Calling for national sports associations (NSAs) to integrate disability sports into their models, she said: ”By representing all athletes with disabilities through the SDSC instead of the sports they play, are we not putting the disability before the ability?”

Ms Yip added that a “systemic transformation” would motivate the disabled and that the system should be ready to support NSAs that are ready for such a change. “If an NSA is not ready, then let’s see how we can build an environment to better that probability,” she said.

Highlighting efforts by disability sports to include able-bodied individuals, Ms Yip called for disability sports to be recognised as NSAs in their own right.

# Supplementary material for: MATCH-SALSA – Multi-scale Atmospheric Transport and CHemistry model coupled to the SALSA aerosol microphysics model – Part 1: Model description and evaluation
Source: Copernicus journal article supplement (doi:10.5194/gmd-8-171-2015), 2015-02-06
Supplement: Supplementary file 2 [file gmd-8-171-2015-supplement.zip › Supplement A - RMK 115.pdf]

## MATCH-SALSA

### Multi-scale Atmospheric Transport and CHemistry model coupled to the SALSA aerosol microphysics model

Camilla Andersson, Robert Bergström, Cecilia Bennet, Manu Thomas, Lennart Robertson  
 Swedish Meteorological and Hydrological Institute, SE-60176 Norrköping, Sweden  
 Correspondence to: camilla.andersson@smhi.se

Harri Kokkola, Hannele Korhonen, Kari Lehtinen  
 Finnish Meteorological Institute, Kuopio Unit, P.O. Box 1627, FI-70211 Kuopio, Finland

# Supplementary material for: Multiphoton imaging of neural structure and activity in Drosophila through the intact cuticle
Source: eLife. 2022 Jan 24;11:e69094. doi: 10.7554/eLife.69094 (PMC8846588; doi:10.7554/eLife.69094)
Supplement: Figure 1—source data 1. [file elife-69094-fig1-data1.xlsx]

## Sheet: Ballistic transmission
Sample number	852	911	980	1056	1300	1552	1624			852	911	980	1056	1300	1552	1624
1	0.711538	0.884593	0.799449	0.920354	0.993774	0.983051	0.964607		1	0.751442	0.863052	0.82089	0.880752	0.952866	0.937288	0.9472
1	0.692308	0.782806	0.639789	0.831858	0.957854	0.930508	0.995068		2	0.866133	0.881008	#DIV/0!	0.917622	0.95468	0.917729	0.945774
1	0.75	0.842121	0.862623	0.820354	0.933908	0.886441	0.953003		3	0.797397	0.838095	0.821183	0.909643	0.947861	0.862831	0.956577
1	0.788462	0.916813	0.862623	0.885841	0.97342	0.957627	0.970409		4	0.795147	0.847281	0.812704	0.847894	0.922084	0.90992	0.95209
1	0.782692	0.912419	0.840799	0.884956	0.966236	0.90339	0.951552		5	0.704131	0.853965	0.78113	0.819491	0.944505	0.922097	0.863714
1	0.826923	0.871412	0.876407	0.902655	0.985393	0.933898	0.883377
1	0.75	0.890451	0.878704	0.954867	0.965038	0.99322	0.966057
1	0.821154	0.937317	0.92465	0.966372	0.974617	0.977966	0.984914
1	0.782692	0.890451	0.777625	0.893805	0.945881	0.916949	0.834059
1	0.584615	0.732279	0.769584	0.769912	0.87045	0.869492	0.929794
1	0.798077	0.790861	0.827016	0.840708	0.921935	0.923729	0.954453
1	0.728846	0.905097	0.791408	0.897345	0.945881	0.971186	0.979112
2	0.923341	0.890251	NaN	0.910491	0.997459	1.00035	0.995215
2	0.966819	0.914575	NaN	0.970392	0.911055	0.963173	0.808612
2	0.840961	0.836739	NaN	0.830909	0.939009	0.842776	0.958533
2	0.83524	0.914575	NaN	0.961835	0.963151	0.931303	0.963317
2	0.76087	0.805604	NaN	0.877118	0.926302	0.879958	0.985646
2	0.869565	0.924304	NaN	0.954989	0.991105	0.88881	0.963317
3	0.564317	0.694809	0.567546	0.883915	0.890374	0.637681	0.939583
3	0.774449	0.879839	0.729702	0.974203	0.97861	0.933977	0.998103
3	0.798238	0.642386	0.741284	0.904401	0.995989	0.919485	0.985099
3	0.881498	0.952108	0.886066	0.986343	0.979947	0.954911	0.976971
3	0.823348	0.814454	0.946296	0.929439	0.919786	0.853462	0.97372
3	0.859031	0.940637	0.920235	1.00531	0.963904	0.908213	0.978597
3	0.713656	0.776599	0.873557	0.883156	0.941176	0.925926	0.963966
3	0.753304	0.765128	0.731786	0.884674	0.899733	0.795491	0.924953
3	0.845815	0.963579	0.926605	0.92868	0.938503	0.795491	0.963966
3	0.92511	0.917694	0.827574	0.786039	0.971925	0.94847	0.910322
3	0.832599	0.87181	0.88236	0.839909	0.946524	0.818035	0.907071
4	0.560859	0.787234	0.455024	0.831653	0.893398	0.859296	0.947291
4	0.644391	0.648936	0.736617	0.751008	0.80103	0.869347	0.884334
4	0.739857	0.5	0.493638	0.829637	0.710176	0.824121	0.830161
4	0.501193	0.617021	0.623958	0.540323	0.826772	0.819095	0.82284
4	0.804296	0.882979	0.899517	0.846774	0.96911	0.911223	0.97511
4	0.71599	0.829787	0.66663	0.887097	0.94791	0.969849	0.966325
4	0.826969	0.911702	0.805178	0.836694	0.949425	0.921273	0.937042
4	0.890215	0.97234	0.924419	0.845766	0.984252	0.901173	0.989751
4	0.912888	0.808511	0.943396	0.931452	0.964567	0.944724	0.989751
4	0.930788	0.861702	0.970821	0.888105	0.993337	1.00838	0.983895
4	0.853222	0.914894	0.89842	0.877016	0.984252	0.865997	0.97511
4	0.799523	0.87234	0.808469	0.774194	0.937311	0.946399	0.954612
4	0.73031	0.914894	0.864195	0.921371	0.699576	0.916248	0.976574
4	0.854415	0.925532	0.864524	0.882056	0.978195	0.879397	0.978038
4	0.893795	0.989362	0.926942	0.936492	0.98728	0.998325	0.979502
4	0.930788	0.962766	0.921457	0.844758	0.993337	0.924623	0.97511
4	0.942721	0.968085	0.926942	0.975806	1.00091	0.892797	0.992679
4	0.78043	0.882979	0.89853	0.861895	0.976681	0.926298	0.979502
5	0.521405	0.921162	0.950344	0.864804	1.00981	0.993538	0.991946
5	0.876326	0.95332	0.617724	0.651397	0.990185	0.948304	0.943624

Using the examples of boccia for those with severe cerebral palsy and goalball, which is played by individuals with visual impairment, she said that these sports were well-received by able-bodied people.

Ms Yip then asked if Singapore’s systems are “ready to accept them (boccia and goalball)” as NSAs if they meet the criteria.

Responding to Ms Yip, Mr Baey Yam Keng, Senior Parliamentary Secretary for Culture, Community and Youth, said that while some NSAs such as cycling and sailing oversee the development of disabled athletes, others prefer to develop sports for the two groups of athletes separately.

“While integrating able-bodied and para sports in a single NSA has its benefits, we understand there might be concerns from the disability sports fraternity that doing so may dilute attention on para sports,” he said.